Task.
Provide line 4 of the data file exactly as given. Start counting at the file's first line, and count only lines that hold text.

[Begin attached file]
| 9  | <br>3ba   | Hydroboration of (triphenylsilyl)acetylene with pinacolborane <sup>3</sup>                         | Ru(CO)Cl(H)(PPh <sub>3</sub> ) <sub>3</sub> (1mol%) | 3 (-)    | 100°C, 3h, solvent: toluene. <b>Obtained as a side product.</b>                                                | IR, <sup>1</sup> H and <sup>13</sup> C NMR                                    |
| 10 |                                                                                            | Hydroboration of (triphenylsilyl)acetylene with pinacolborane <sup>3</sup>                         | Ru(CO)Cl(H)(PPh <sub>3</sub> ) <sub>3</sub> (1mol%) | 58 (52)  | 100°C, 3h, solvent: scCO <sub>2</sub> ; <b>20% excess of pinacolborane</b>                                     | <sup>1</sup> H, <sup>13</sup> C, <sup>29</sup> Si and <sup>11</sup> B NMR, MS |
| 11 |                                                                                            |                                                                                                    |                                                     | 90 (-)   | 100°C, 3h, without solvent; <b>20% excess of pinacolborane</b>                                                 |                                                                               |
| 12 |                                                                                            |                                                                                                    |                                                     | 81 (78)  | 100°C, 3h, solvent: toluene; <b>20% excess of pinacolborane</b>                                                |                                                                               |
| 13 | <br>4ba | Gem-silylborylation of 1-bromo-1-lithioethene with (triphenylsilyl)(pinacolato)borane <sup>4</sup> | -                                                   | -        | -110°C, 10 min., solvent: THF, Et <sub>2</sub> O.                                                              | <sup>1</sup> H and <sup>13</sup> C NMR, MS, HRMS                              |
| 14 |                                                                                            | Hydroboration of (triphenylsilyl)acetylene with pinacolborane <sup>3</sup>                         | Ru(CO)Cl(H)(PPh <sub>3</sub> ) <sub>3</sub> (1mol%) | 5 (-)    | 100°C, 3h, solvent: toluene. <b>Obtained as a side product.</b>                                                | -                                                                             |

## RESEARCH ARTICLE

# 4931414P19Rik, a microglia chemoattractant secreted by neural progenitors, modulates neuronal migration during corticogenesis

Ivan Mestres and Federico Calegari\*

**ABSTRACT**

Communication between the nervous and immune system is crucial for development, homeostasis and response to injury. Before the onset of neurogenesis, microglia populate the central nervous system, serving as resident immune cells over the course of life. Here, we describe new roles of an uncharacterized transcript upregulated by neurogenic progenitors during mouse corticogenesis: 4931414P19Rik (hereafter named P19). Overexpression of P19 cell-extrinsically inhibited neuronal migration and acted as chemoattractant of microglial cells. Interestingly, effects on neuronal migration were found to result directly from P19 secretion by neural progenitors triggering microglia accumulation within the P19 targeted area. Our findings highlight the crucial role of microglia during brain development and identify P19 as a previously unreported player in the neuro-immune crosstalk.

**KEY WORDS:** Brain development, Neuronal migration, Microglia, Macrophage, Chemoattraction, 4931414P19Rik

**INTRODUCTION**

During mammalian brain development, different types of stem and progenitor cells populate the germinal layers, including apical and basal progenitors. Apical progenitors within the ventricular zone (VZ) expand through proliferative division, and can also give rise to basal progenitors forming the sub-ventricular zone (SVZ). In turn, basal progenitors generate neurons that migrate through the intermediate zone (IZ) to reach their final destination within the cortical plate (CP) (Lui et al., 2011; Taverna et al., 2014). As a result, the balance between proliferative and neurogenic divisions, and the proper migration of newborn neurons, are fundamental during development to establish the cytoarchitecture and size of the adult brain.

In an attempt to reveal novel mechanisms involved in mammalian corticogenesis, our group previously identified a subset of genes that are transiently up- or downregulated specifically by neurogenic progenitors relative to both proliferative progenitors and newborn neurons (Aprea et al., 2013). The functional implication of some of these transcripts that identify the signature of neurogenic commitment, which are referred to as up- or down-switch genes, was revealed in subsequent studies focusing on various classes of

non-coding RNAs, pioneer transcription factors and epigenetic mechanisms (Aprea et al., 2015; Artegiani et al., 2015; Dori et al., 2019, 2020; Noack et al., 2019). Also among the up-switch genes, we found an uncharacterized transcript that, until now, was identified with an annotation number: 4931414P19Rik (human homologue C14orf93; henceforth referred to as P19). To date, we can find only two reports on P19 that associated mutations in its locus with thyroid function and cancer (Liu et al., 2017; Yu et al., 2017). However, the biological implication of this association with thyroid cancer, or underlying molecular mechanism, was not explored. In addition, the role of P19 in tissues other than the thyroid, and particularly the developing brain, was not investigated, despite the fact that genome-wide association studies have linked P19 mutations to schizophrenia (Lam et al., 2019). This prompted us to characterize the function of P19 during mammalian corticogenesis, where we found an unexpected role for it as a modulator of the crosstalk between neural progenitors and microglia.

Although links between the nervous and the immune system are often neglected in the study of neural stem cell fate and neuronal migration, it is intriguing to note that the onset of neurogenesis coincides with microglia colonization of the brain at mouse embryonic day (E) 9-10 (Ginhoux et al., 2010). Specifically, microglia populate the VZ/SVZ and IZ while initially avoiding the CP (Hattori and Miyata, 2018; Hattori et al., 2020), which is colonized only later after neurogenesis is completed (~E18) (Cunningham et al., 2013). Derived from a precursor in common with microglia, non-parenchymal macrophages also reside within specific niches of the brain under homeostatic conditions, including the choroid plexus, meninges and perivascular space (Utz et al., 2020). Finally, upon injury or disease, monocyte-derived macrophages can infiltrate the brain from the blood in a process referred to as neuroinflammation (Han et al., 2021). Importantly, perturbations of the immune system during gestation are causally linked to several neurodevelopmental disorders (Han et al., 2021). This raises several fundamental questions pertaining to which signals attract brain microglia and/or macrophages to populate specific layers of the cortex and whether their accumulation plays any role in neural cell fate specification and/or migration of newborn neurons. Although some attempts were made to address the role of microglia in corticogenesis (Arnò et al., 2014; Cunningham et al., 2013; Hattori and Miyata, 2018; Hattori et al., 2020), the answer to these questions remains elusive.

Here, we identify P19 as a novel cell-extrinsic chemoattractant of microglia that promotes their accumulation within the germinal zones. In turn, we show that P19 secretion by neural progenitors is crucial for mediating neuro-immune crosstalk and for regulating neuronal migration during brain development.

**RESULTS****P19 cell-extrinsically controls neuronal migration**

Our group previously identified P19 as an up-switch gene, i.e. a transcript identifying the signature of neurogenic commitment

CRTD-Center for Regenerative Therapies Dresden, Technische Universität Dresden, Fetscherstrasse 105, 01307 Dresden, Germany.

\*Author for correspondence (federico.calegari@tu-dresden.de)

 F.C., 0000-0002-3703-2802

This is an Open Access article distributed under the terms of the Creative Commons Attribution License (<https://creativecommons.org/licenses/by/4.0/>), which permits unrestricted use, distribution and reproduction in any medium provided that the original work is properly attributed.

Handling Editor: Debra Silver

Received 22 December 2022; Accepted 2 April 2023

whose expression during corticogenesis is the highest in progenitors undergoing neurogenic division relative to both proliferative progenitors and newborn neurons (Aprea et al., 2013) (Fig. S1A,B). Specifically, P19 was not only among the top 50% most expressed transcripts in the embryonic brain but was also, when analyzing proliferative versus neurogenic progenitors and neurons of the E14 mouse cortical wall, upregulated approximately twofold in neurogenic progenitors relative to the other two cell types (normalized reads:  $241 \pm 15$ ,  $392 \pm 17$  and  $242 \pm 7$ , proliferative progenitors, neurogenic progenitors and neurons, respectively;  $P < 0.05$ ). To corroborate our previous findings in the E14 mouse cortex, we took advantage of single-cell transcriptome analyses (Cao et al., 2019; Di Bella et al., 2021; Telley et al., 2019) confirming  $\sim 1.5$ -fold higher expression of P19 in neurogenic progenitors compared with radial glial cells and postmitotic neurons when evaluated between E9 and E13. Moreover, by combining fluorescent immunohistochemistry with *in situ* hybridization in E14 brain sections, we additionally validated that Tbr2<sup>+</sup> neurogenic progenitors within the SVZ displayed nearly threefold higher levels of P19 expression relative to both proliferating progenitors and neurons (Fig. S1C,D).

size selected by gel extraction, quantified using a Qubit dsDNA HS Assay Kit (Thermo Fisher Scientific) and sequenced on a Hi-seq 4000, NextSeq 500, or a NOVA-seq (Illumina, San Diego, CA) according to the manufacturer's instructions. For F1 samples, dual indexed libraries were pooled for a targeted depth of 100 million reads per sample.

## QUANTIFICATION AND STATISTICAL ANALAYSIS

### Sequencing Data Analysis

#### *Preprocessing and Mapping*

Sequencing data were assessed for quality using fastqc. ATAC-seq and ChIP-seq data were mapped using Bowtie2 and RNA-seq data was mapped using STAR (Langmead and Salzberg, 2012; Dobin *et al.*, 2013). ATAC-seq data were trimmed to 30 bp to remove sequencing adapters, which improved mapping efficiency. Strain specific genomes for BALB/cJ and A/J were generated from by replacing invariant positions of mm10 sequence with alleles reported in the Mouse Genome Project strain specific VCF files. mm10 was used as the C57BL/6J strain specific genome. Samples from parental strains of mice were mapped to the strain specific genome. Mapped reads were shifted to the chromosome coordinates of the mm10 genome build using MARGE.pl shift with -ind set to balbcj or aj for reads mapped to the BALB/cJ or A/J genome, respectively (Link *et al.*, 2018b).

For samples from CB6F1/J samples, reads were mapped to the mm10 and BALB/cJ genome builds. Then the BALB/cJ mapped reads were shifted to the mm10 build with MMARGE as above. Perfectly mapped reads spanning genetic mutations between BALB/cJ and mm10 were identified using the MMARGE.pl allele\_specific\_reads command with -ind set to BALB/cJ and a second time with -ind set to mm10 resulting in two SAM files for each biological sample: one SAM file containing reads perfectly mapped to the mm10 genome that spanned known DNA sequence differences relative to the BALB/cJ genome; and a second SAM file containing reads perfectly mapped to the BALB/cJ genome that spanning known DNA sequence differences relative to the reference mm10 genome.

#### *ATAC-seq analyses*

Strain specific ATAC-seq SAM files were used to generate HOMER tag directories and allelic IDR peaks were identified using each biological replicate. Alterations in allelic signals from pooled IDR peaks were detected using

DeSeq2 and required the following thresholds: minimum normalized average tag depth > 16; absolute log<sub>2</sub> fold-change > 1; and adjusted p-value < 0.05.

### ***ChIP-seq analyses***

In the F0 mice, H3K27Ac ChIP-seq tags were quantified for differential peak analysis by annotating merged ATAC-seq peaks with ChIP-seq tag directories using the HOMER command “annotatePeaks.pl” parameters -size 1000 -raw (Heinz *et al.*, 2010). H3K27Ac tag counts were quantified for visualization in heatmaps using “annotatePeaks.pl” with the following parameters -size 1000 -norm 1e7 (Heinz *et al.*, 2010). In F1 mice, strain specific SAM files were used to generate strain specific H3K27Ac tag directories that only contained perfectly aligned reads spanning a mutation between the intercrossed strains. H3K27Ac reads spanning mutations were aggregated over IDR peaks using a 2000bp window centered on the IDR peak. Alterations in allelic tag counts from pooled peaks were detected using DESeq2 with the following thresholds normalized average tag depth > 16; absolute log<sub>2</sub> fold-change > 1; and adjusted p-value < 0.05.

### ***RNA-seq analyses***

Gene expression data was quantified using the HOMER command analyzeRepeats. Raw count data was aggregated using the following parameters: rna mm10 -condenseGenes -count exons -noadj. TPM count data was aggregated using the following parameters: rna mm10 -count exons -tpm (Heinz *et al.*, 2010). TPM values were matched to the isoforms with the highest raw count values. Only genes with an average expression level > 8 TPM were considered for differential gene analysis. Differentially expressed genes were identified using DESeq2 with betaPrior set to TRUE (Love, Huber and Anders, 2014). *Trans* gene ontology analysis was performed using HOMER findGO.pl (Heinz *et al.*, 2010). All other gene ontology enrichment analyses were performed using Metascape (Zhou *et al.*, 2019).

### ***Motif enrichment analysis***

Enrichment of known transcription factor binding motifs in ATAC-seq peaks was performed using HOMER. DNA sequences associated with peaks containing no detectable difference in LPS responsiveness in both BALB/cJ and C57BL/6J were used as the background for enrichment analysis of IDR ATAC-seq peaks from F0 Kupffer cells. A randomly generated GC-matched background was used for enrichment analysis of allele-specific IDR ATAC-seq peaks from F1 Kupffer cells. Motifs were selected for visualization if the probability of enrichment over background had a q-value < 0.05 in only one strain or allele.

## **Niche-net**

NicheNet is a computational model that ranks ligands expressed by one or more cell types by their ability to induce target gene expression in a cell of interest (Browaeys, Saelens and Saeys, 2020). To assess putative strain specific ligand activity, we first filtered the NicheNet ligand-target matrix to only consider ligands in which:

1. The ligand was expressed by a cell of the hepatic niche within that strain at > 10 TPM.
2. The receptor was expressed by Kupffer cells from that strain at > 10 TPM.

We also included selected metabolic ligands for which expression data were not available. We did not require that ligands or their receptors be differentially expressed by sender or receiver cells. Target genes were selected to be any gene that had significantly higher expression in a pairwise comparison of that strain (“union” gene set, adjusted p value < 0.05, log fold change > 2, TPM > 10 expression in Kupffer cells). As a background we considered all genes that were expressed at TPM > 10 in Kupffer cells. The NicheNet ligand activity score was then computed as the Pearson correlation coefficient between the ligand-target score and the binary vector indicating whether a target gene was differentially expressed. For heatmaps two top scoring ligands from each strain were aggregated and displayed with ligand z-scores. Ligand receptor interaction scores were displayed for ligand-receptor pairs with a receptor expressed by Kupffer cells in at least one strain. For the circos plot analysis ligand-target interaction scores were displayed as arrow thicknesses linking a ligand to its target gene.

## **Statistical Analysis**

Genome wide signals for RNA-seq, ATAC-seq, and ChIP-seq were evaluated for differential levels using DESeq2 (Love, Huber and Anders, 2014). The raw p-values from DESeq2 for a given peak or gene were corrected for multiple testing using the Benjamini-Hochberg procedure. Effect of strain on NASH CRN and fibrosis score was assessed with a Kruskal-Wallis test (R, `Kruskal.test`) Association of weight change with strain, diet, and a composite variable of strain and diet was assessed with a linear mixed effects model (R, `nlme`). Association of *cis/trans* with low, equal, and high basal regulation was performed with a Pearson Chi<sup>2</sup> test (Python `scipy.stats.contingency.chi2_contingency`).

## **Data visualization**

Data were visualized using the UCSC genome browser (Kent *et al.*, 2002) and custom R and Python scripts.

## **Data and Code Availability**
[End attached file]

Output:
| 12 |                                                                                            |                                                                                                    |                                                     | 81 (78)  | 100°C, 3h, solvent: toluene; <b>20% excess of pinacolborane</b>                                                |                                                                               |